I’ve always been challenged by the lectionary readings for this Sunday. Although both Psalm 23 and John refer to Jesus the Shepherd and us as sheep, I live in New York City, and as far as I can tell, even the Sheep Meadow in Central Park has no sheep. Yet we sing Psalm 23 each year on this Sunday and at countless other times in convalescent homes and at gravesides.
I love Don Juel’s description of Jesus as a “master of surprise.” The ways Jesus reveals himself to his followers in the post-resurrection stories testify to his delight in surprising those who love him, and whom he loves.
Jesus’ moments of self-revelation are not only world-shaking but intimate, relational, invitational and even clever.
It’s just after 6 a.m. when I pull into the church parking lot. It’s still dark, and the steady rain makes me glad we decided to hold the sunrise service inside. I’m balancing a vase of daffodils for the communion table between my knees, and I’m hoping my good brown shoes are under the desk in my office, because they weren’t under my bed at home.
"I eventually realized that leaders are not made by books or workshops," says Lisa Yebuah of Edenton Street United Methodist Church in Raleigh, North Carolina. "Leaders are people who marry their knowledge to action."
"I've been given an opportunity to color outside the lines," says Nanette Sawyer of Grace Commons and St James Presbyterian Church in Chicago, "the permission and charge to be creative and experimental."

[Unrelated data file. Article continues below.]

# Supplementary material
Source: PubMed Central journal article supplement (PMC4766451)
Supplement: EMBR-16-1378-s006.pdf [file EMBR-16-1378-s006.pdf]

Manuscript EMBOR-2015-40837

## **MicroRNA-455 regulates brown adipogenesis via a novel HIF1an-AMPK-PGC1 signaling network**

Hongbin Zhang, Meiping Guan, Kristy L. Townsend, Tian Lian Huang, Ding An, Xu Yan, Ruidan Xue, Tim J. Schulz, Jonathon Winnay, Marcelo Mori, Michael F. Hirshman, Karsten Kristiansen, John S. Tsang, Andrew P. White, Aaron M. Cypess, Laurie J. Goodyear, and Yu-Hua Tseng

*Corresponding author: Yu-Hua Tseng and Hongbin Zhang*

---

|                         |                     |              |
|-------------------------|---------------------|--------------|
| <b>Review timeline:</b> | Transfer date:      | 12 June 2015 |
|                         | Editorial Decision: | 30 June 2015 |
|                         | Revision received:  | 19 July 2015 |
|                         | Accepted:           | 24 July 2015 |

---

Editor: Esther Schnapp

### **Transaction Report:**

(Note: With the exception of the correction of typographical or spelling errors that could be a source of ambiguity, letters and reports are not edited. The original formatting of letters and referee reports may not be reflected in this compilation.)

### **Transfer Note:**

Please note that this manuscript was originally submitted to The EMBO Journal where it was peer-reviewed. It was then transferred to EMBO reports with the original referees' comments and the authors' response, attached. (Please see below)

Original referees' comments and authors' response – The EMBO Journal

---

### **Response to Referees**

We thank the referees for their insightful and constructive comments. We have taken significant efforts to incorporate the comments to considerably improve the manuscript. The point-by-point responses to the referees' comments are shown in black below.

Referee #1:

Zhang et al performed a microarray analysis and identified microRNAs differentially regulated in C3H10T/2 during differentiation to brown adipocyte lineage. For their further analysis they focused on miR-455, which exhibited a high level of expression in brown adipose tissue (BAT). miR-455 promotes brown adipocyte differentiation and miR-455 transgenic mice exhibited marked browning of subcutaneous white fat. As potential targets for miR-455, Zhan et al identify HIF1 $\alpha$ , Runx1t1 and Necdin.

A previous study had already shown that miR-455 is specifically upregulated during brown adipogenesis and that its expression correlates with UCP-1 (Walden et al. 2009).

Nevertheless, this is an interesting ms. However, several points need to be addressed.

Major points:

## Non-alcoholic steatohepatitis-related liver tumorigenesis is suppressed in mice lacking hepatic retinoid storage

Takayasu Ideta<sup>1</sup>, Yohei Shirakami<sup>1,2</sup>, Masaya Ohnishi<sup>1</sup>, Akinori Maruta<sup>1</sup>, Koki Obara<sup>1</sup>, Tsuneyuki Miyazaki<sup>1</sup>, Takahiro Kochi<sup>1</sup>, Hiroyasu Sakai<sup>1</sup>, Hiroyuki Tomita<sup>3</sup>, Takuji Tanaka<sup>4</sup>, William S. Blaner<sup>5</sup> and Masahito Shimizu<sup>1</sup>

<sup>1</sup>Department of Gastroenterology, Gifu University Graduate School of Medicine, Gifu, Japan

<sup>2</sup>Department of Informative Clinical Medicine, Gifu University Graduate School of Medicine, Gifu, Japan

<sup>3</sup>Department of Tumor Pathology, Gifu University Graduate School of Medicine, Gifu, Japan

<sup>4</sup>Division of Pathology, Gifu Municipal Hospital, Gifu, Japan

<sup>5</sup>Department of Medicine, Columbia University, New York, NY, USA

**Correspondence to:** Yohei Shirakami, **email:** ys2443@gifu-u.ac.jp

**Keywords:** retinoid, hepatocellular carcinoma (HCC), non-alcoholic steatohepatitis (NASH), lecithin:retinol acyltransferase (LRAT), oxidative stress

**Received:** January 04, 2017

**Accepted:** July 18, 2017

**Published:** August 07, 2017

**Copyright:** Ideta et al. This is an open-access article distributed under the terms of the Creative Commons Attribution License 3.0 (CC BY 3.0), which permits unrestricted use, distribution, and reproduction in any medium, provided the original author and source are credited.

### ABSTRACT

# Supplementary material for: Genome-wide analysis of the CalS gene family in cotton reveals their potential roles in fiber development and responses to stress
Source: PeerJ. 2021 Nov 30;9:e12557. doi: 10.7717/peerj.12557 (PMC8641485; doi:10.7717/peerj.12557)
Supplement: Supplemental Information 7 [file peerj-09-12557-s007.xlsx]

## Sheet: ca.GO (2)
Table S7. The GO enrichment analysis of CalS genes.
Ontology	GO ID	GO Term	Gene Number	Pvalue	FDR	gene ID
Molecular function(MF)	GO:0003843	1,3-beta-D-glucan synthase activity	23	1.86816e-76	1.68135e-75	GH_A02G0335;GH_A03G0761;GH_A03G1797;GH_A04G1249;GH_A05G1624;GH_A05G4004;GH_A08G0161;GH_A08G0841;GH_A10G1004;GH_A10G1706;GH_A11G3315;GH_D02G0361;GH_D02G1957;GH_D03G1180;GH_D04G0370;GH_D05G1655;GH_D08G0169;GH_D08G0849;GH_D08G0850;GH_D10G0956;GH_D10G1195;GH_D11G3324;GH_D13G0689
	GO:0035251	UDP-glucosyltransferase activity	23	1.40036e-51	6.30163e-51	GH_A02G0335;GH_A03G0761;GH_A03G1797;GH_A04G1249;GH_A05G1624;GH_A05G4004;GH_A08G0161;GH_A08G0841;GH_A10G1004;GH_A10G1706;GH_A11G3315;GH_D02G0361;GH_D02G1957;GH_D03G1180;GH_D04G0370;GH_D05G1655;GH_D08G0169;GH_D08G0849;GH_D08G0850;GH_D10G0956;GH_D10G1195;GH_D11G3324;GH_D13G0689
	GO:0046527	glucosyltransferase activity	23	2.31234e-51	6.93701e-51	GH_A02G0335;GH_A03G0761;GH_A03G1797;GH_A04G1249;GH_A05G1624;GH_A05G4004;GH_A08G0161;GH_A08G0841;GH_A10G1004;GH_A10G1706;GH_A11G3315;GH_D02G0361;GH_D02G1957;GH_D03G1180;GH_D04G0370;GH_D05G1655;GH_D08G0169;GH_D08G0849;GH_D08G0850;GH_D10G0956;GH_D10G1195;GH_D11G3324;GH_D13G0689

"Progressive Christians do a good job with issues like LGBT rights," says Dennis Sanders of First Christian Church (Disciples of Christ) in Minneapolis. "But we're less good at helping people become disciples of Jesus."
"Religious commitments are no longer taken for
granted as part of North American people's lives," says Scott Kershner of Holden Village, a Lutheran retreat center in Washington State. "So space opens up to
ask very basic and interesting questions."
Nov 30, 2011
| An interview with Carol Howard Merritt
"What would happen," asks Carol Howard Merritt of Western Presbyterian Church in Washington, D.C., "if we coupled baby boomers' prophetic focus with the pragmatism of my generation? What if the church unleashed us to plant churches?"
Jul 28, 2011
| An interview with Katherine Willis Pershey
"People need to hear the good news," says Katherine Willis Pershey of First Congregational Church in Western Springs, Illinois. "If the church doesn't take on this
mission, I'm afraid—well, that's where that sentence can end. I'm afraid."
"We have rejected much of our immediate [evangelical] past," says Josh Carney of his church, University Baptist Church in Waco, Texas. Looking to older traditions, "we found that some of our objections had already been
There is an ongoing tension in Christian faith between contemplation and activism, being and doing. M. Robert Mulholland compares this alternation to breathing in and breathing out. Both are essential; we can’t live without spiritual formation (breathing in) and Christian mission in the world (breathing out). “Genuine Christian spirituality views humanity as spiritual beings created in the image of God and participating with God in a fallen creation which God intends to redeem,” says Mulholland (Journal of Spiritual Formation and Soul Care, Spring).